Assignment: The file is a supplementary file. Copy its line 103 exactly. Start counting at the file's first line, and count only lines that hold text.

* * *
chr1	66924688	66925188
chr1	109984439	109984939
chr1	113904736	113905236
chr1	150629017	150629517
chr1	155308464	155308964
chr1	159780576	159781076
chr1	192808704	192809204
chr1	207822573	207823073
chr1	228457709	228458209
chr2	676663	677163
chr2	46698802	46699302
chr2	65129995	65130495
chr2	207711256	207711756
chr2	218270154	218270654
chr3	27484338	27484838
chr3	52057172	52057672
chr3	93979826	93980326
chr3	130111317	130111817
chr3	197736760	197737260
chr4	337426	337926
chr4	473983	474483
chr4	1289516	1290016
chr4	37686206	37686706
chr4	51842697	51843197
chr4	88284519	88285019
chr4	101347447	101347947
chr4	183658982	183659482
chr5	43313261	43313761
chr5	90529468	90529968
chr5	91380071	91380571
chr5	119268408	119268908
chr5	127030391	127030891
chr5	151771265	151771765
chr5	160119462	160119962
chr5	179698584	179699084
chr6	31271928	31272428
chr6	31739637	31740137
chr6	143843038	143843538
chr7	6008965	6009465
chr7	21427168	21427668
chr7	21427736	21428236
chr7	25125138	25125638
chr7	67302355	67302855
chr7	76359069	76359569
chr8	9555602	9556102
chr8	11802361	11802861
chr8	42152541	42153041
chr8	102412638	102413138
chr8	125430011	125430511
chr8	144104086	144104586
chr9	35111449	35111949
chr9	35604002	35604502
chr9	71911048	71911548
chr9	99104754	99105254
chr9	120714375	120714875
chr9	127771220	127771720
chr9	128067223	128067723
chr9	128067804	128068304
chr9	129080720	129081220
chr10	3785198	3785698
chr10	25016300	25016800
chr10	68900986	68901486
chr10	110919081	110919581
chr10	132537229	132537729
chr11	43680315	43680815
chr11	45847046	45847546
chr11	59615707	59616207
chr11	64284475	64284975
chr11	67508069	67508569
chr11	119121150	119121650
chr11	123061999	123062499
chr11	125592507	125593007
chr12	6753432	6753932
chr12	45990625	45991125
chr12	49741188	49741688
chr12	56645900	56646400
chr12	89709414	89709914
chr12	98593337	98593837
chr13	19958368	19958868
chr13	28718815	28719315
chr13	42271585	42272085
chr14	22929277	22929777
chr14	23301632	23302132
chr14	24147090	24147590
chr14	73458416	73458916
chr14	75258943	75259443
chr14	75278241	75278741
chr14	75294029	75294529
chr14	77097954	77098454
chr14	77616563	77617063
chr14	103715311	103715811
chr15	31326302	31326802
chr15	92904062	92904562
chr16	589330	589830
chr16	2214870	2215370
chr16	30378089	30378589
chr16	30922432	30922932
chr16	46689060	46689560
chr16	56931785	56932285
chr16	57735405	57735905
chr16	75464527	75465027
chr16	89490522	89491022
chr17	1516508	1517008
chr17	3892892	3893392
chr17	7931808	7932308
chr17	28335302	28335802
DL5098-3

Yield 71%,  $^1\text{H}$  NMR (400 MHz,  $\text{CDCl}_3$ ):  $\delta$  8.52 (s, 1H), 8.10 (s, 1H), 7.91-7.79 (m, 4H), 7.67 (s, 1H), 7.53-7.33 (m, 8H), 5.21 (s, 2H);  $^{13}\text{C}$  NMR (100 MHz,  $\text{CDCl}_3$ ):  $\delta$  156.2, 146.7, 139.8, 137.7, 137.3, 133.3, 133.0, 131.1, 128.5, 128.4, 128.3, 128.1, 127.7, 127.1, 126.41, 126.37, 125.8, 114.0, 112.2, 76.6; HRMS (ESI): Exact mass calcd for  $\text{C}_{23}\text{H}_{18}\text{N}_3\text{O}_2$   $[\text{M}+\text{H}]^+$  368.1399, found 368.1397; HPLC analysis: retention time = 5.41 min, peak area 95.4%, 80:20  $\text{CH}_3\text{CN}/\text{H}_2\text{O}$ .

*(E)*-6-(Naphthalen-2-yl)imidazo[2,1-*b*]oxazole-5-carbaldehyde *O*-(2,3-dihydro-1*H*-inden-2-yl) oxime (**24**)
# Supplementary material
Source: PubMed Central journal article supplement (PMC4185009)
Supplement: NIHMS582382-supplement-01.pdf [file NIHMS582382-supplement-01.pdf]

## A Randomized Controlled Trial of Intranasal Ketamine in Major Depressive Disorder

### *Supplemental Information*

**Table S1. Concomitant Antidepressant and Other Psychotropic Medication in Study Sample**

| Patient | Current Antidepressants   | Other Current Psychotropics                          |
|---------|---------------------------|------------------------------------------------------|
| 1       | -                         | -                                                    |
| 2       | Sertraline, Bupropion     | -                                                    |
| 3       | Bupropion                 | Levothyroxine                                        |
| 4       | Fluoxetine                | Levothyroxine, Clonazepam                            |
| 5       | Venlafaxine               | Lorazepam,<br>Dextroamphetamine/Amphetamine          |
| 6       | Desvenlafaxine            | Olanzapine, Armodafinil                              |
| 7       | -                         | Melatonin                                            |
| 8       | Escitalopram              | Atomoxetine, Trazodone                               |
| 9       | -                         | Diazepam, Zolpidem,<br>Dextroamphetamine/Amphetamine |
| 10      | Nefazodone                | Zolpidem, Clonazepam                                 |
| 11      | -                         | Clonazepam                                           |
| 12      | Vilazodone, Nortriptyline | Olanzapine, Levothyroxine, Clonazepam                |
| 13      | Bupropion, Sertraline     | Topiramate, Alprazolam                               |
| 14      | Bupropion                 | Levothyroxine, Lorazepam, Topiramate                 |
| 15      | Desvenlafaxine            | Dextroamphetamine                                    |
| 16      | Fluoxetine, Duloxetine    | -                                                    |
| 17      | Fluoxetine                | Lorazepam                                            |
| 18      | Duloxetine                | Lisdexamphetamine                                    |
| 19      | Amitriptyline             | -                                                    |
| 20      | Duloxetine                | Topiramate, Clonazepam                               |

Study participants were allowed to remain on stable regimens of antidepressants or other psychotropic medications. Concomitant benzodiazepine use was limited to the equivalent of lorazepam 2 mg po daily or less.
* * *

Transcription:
chr17	1516508	1517008